Once someone's dead you can't make them undead.
The presence of danger has a way of making you feel fully awake.
The thing about a story is that you dream it as you tell it, hoping that others might then dream along with you, and in this way memory and imagination and language combine to make spirits in the head. There is the illusion of aliveness.
There was the single abiding certainty that they would never be at a loss for things to carry.
They carried all the emotional baggage of men who might die. Grief, terror, love, longing--these were intangibles, but the intangibles had their own mass and specific gravity, they had tangible weight. They carried shameful memories. They carried the common secret of cowardice.... Men killed, and died, because they were embarrassed not to.
They carried all they could bear, and then some, including a silent awe for the terrible power of the things they carried.
They did not submit to the obvious alternative, which was simply to close the eyes and fall. So easy, really. Go limp and tumble to the ground and let the muscles unwind and not speak and not budge until your buddies picked you up and lifted you into the chopper that would roar and dip its nose and carry you off to the world. A mere matter of falling, yet no one ever fell. It was not courage, exactly; the object was not valor. Rather, they were too frightened to be cowards.
They sat smoking the dead mans dope until the chopper came
They were afraid of dieing, but they were even more afraid to show it.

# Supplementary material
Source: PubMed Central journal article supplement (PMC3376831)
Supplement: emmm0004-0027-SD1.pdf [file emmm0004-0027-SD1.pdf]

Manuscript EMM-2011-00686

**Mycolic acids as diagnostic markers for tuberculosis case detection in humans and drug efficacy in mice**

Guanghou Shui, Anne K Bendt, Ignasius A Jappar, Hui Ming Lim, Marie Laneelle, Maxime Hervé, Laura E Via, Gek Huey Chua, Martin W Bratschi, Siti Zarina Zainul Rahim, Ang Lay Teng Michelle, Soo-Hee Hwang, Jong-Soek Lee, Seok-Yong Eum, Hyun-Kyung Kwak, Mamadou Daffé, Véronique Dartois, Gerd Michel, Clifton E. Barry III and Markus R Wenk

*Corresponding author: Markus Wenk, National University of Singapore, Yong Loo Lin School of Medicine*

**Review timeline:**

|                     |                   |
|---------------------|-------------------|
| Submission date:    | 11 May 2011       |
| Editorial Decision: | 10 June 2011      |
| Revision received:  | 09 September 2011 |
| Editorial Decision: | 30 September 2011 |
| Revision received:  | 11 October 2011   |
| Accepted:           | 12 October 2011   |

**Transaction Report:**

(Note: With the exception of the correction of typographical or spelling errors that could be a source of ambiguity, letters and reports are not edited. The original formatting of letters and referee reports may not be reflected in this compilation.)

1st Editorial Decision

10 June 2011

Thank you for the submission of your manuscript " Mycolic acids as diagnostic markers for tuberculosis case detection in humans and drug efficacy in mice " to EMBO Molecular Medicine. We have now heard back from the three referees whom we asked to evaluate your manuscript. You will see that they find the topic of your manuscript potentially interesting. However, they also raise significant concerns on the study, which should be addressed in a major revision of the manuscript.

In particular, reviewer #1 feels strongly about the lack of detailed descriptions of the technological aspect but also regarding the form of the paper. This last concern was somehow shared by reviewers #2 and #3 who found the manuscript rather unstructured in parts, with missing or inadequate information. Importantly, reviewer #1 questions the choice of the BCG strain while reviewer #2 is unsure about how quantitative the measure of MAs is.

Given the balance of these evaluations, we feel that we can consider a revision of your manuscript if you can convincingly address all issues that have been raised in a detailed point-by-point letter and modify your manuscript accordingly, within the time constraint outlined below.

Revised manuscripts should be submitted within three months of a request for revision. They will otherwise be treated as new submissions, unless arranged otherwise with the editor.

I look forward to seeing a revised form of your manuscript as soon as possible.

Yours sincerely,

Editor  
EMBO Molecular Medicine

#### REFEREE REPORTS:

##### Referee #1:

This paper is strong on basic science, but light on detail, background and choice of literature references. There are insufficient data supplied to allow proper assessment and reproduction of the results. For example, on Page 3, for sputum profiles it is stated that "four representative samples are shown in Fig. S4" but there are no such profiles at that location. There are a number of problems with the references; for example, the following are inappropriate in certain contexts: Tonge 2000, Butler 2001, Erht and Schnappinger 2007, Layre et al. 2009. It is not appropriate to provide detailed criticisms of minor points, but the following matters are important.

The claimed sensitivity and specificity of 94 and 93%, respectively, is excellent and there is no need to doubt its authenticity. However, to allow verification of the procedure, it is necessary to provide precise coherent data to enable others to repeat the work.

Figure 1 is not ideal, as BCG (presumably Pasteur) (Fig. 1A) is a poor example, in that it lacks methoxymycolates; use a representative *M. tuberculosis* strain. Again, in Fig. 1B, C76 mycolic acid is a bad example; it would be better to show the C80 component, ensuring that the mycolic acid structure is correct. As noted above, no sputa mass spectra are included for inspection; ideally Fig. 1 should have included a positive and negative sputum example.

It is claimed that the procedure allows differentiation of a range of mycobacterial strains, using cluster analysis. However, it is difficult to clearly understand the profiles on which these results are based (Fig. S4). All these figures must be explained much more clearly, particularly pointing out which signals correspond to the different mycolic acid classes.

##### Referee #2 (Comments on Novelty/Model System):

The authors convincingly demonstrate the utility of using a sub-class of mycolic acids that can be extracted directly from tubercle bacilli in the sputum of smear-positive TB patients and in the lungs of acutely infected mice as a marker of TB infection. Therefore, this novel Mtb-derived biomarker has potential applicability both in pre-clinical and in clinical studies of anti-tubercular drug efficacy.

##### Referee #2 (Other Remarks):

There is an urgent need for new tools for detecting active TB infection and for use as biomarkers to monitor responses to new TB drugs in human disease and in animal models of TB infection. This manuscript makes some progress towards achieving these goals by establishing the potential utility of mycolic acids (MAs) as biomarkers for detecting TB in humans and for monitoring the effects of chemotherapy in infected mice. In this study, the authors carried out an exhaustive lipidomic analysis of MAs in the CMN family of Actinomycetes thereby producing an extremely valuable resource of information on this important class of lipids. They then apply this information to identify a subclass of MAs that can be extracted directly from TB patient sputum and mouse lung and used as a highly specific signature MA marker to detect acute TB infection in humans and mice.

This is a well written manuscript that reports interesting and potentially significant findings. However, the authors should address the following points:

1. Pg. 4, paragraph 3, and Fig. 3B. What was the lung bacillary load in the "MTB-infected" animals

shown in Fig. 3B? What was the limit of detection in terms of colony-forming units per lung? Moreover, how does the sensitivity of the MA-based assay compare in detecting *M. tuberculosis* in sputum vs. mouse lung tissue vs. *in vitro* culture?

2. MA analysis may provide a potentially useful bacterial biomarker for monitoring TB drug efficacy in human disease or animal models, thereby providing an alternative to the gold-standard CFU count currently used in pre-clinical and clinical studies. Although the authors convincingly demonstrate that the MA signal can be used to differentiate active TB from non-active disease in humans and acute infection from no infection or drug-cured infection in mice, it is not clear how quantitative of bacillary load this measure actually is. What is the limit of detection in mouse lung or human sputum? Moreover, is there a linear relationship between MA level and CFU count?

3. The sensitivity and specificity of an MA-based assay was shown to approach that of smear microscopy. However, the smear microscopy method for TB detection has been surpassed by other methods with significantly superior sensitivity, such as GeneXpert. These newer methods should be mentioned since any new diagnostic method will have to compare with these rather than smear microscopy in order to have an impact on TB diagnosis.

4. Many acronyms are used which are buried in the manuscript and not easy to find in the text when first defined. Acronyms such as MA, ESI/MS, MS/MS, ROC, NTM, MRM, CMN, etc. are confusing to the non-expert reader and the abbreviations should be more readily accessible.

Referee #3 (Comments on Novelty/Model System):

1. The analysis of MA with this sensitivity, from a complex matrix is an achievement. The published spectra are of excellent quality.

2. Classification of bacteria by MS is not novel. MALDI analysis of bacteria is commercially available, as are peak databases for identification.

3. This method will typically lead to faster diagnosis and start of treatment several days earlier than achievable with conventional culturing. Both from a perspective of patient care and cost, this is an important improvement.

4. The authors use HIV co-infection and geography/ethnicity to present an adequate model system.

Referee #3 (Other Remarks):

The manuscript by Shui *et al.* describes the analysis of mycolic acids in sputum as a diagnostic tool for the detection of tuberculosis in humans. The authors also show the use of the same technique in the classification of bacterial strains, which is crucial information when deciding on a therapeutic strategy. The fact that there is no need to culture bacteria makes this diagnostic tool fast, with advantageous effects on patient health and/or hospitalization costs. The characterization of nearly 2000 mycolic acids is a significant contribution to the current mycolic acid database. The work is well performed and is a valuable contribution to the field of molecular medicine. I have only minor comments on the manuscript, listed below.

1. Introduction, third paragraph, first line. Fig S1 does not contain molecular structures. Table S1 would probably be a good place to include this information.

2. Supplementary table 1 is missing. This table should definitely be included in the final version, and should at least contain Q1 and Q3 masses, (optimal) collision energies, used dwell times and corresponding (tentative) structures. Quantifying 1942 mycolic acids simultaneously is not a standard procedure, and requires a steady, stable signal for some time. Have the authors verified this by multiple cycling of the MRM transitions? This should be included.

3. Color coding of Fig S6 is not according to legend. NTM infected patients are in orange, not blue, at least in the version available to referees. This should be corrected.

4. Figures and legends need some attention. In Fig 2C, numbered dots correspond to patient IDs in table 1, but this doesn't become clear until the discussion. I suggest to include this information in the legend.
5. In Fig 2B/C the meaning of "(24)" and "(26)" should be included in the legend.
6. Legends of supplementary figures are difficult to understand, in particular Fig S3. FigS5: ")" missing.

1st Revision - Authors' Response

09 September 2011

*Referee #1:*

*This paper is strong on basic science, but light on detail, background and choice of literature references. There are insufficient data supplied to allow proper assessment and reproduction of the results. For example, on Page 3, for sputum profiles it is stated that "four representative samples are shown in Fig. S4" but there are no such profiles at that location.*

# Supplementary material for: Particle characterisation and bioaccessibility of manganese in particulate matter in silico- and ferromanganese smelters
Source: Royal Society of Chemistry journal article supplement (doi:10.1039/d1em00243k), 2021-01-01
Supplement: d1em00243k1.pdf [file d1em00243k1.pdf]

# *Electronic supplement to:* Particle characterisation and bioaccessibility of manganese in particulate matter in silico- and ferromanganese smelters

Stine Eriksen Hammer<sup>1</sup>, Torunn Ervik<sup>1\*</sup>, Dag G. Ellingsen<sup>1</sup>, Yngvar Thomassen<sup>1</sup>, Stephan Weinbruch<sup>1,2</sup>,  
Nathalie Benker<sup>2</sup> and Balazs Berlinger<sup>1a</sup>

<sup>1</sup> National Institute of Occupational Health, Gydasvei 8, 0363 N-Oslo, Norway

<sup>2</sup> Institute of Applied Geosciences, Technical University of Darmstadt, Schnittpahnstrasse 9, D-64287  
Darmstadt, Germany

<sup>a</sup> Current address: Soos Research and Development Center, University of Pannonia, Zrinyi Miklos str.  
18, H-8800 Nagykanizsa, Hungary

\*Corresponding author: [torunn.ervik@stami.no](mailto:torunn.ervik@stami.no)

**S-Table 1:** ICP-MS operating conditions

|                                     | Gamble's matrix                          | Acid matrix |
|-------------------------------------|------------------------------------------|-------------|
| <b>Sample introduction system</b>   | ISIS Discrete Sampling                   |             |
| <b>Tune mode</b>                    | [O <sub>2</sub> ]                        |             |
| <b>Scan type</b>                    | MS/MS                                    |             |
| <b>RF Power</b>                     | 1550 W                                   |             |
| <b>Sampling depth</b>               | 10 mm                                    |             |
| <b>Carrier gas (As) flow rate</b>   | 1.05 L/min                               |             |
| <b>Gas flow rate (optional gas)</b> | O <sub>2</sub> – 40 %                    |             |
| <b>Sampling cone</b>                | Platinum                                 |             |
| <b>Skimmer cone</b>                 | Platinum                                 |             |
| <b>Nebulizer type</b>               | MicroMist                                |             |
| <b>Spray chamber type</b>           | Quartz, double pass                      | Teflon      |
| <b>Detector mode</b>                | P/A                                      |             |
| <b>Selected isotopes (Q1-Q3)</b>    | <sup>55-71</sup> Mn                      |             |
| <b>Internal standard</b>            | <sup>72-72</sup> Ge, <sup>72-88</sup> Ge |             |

In war you lose your sense of the definite, hence your sense of truth itself, and therefore it's safe to say that in a war story nothing is ever absolutely true.
Together we understood what terror was: you're not human anymore. You're a shadow. You slip out of your own skin, like molting, shedding your own history and your own future, leaving behind everything you ever were or wanted to believed in. You know you're about to die. And it's not a movie and you aren't a hero and all you can do is whimper and wait.
It was my view then, and still is, that you don't make war without knowing why. Knowledge of course, is always imperfect, but it seemed to me that when a nation goes to war it must have reasonable confidence in the justice and imperative of its cause. You can't fix your mistakes. Once people are dead, you can't make them undead.
War is hell, but that's not the half of it, because war is also mystery and terror and adventure and courage and discovery and holiness and pity and despair and longing and love. War is nasty; war is fun. War is thrilling; war is drudgery. War makes you a man; war makes you dead.
It was very sad, he thought. The things men carried inside. The things men did or felt they had to do.
What sticks to memory, often, are those odd little fragments that have no beginning and no end...
It wasn't a question of deceit. Just the opposite; he wanted to heat up the truth, to make it burn so hot that you would feel exactly what he felt.
When your afraid,reallyafraid, you see things you never saw before, you pay attention to the world.
It's a hard thing to explain to somebody who hasn't felt it, but the presence of death and danger has a way of bringing you fully awake. It makes things vivid. When you're afraid, really afraid, you see things you never saw before, you pay attention to the world. You make close friends. You become part of a tribe and you share the same blood- you give it together, you take it together.